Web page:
What we say versus what we do.

A recent academic survey found that the average teen has over 800 illegal songs on their iPod:

Although illegal copying has become widespread, the scale of the problem uncovered by the University of Hertfordshire left the music industry surprised. On average every iPod or digital music player contained 842 illegally copied songs.

Fergal Sharkey, former lead singer of the Undertones and now chief executive of British Music Rights, said: “I was one of those people who went around the back of the bike shed with songs I had taped off the radio the night before. But this totally dwarfs that, and anything we expected.”

So Mr. Sharkey notes that teens today are doing nothing different than he was a a kid. But apparently things are different this time around. This time we need to take action, probably because revenues are down.

Really though, this comes down to a matter of convenience, versus one of lost revenue. Teens may have 842 illegal songs, just because it is convenient to do so, while in Mr. Skarkey’s youth it was only convenient to copy a few songs. But just as he wasn’t about to purchase those songs, today’s teens aren’t about to purchase those 800+ songs either.

This isn’t about lost revenue. Thisis about revenue that never would have existed in the first place.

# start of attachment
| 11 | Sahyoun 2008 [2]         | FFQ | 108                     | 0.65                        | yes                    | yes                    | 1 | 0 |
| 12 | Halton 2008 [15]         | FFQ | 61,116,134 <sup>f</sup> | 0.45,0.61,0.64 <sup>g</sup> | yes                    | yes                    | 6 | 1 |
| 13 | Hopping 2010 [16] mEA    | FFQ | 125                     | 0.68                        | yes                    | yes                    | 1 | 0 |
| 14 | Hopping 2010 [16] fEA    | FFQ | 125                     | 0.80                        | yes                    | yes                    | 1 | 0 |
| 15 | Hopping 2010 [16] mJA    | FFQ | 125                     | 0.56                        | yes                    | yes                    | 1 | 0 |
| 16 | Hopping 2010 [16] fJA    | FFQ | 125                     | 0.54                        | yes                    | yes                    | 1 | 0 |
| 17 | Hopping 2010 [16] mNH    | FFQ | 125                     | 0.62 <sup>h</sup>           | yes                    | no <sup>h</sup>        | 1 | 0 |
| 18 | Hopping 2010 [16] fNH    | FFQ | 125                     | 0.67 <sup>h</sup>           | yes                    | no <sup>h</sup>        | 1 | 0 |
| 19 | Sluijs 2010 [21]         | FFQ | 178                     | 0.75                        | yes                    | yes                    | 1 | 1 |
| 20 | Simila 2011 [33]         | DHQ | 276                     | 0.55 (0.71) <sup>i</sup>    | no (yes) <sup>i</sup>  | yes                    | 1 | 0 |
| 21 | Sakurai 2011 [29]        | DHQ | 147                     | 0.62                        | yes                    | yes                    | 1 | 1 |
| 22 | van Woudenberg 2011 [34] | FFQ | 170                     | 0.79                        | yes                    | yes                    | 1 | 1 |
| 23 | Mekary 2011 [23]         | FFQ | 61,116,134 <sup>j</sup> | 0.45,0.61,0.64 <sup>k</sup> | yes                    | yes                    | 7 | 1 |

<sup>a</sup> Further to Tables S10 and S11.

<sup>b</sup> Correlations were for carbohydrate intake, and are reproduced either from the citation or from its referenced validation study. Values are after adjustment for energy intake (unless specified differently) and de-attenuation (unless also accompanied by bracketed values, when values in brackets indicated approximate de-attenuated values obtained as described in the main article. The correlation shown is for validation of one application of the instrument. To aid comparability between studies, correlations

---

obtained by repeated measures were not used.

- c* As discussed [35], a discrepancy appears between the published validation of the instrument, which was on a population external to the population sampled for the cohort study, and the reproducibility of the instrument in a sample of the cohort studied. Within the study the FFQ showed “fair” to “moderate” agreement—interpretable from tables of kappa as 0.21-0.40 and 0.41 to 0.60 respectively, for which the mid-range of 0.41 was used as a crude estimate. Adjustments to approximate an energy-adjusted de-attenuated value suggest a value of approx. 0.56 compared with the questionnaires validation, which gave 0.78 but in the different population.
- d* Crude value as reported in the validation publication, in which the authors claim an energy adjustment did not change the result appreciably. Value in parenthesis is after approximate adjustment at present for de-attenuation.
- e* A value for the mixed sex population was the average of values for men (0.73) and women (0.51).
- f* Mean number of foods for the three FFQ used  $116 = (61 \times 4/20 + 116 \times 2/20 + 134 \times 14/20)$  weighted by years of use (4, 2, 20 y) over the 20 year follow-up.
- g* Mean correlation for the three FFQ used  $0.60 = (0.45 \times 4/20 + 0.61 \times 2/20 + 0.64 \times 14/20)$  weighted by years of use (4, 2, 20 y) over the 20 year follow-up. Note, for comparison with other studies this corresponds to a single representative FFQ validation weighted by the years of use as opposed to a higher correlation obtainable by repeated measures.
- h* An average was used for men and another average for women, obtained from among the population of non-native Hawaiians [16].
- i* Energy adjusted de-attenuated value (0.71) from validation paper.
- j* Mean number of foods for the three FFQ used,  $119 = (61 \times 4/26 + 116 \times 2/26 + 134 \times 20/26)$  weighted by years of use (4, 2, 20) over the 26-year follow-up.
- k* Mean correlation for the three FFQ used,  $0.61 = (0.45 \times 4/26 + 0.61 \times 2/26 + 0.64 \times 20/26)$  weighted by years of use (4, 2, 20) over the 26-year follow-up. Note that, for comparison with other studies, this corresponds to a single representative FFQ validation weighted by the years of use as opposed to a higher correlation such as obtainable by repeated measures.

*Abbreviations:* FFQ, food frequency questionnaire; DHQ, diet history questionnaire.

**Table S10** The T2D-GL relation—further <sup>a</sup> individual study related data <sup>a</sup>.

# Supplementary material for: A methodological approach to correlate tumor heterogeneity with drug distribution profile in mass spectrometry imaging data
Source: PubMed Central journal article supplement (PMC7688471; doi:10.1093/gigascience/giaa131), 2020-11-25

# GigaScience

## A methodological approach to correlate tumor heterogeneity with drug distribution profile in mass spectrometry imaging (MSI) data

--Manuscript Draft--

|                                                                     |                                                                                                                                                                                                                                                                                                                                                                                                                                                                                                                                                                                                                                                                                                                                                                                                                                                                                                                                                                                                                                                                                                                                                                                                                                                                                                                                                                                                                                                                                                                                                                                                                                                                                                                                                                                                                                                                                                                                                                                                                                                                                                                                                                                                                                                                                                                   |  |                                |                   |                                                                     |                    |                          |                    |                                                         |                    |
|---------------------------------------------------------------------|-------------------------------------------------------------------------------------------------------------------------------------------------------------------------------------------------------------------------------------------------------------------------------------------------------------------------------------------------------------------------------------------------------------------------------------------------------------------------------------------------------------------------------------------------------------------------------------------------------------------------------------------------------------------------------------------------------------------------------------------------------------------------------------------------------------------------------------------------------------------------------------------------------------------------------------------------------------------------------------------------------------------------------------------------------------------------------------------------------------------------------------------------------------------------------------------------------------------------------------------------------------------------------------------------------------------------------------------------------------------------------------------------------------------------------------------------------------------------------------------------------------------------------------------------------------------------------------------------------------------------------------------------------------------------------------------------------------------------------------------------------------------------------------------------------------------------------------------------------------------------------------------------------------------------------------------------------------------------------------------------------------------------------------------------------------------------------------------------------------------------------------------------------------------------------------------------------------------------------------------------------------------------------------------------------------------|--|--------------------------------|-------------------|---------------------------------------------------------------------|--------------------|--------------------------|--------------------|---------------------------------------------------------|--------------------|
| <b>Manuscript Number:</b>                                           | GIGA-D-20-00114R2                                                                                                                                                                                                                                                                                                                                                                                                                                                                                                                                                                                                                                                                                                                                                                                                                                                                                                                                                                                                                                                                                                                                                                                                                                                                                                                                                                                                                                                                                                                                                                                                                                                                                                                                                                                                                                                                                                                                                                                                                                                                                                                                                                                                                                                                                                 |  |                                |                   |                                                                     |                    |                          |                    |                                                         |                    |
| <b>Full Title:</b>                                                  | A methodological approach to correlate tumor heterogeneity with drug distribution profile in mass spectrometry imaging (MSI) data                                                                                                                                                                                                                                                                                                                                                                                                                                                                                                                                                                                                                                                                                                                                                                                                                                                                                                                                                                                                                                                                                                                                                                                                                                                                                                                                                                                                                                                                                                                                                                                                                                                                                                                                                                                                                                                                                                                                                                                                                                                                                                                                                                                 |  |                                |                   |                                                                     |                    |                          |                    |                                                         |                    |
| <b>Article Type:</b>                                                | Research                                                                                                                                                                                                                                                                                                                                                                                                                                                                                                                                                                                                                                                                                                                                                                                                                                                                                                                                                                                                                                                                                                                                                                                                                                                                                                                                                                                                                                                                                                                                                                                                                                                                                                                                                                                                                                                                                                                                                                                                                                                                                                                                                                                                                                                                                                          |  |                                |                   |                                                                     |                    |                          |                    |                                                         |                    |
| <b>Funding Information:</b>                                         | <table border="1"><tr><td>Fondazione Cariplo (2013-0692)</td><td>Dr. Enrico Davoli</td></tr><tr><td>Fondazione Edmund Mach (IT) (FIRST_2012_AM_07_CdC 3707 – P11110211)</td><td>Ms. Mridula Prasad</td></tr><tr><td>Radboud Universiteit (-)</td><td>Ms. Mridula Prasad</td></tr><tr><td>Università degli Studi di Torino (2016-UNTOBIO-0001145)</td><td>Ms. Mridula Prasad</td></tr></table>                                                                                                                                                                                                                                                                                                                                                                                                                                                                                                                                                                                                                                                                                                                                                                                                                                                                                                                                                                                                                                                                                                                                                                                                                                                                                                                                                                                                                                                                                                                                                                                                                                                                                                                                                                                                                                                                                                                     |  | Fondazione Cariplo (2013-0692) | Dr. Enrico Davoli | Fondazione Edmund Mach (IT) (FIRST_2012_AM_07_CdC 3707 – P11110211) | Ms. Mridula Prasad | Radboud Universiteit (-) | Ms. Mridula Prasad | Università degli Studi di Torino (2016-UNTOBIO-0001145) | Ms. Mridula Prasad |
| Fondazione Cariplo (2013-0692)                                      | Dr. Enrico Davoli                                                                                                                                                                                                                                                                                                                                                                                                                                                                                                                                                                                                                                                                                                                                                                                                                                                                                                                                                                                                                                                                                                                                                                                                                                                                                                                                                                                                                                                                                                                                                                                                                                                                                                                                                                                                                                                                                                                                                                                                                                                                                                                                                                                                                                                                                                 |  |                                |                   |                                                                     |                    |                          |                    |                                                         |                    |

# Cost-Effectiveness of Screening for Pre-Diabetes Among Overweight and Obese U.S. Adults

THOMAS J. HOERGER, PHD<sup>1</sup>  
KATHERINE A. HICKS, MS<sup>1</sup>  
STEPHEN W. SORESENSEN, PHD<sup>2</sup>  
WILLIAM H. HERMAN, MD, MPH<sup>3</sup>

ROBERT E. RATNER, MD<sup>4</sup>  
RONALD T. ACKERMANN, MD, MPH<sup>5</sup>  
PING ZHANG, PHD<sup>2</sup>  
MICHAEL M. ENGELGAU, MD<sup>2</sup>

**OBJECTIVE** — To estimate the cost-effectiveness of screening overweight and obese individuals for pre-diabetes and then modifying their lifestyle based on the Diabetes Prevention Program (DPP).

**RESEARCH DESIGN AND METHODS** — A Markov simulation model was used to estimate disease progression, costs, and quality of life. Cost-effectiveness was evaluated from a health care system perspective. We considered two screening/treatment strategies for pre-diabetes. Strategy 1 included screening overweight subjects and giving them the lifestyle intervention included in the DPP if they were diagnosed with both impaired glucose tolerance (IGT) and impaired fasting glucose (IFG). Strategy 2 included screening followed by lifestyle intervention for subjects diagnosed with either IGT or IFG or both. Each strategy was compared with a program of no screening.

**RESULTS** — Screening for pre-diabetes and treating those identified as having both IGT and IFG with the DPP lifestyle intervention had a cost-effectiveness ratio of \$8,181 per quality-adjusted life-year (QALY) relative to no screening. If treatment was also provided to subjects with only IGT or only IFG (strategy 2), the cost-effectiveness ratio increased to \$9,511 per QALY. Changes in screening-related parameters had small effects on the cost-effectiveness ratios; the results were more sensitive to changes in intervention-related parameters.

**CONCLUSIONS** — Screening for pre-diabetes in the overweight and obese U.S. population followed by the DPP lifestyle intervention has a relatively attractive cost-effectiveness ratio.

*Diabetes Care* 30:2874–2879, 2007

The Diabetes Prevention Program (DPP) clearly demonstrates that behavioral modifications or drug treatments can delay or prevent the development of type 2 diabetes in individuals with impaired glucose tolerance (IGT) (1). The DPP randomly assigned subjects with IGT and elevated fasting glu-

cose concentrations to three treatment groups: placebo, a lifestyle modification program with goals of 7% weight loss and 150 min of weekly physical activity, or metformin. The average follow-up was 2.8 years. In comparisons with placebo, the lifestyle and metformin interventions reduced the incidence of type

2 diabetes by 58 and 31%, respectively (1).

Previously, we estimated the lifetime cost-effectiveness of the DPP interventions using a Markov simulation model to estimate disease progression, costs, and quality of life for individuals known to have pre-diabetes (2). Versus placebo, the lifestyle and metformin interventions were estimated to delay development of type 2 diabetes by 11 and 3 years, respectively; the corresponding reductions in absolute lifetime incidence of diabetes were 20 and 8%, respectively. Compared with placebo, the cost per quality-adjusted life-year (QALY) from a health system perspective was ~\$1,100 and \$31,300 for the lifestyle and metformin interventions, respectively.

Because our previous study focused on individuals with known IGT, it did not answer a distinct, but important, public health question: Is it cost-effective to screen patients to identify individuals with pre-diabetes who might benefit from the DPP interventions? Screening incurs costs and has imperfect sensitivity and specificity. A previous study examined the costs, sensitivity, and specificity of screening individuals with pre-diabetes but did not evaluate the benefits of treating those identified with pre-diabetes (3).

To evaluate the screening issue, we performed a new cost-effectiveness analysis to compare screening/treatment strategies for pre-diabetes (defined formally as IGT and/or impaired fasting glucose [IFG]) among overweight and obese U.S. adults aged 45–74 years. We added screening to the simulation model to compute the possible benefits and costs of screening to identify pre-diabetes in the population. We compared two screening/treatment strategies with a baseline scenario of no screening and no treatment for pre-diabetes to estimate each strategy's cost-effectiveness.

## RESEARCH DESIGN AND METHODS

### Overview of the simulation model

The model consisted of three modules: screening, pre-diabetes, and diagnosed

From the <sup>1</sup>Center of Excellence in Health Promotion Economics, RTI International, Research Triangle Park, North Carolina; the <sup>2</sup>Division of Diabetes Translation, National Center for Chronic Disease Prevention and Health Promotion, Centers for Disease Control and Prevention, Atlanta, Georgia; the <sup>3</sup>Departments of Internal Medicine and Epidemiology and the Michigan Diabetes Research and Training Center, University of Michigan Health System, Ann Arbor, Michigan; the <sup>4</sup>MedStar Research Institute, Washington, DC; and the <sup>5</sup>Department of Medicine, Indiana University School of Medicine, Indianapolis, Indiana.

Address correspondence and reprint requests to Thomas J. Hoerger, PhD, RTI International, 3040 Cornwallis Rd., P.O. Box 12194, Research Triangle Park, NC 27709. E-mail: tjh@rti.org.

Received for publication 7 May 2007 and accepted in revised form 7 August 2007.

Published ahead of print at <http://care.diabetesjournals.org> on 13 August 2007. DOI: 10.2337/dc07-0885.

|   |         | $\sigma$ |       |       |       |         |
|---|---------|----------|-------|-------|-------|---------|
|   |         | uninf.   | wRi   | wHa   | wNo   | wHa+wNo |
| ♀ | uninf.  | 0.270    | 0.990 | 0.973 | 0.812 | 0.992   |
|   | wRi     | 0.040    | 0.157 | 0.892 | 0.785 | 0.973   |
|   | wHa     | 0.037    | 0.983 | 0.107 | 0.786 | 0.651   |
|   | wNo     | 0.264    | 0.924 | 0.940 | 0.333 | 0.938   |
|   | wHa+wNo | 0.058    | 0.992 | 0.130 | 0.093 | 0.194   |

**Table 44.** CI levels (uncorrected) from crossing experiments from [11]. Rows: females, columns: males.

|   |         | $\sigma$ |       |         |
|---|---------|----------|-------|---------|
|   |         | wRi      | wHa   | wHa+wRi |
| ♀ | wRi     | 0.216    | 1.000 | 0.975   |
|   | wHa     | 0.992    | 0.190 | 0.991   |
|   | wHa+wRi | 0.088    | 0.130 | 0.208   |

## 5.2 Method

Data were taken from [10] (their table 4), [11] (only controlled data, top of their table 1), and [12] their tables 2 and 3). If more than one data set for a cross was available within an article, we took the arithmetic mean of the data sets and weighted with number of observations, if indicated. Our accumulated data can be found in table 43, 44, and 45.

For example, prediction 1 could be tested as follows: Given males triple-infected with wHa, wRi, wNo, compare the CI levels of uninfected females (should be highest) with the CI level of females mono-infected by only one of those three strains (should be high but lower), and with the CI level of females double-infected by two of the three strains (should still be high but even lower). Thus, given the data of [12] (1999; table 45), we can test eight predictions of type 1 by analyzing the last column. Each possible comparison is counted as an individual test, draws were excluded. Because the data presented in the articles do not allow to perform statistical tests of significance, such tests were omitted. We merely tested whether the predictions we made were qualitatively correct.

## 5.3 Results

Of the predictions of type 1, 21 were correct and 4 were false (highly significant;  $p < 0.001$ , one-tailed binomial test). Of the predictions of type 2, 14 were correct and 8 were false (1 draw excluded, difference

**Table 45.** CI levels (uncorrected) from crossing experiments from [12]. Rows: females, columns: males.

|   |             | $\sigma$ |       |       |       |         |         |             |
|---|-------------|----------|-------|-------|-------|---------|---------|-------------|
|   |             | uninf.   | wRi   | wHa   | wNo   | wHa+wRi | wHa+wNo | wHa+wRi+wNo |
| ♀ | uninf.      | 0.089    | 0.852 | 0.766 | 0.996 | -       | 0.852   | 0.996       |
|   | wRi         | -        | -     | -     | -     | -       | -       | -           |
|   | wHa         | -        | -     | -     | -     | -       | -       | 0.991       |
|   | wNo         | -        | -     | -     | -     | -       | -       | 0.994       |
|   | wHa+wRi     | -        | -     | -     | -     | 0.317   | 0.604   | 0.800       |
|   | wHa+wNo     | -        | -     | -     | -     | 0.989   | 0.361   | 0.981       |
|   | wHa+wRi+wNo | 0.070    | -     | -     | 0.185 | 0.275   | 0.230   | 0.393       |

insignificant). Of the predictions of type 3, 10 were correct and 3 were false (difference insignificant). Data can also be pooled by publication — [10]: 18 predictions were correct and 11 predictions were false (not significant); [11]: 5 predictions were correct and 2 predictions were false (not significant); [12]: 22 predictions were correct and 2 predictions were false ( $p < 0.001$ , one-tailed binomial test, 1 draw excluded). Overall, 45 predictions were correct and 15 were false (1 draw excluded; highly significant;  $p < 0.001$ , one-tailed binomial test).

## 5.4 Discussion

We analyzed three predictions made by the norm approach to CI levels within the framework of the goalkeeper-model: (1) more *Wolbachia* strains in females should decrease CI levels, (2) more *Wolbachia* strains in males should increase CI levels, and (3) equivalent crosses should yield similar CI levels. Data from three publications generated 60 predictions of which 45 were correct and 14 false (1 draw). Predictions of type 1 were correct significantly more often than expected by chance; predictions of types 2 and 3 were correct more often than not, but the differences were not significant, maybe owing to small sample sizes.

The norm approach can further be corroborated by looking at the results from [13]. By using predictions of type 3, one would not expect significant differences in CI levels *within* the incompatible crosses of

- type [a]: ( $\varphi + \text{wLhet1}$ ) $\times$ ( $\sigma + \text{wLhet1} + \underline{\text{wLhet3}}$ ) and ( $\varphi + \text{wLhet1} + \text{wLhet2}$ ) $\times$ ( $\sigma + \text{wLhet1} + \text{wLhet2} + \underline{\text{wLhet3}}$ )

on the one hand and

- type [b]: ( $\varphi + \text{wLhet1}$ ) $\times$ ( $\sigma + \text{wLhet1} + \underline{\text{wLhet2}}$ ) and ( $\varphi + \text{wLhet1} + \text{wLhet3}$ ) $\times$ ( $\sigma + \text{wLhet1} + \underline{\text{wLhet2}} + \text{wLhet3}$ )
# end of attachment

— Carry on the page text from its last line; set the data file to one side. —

It’s ok though, because those teens are apparently willing to spend their money to rent the music:

Mr Sharkey said: “The positive message is that 80 per cent of downloaders said they would pay for a legal subscription-based service, and they told us they would be willing to pay more than a few pounds a month.”

British Music Rights declined to release the exact amount but it is believed to be about £10 a month.

I wouldn’t rush too quickly into that, as it seems like more of a case of what people say on a survey, rather than what they actually will do. Perhaps that explains the failure of previous music subscription services:

There is only one problem with this idea: Consumers haven’t been interested. Rhapsody, (the new company using the Napster name), Yahoo and others have been able to attract a few million subscribers. That’s a drop in the bucket compared to the number of people who buy songs from Apple at 99 cents or download them free with Limewire. For some, the idea that the music expires if you don’t pay the bill isn’t attractive. For others, there’s no appeal because the services don’t work with their favorite music player: the iPod.

These teens aren’t going to buy that music any more than they are going to sign up for a subscription service, no matter what any survey says.

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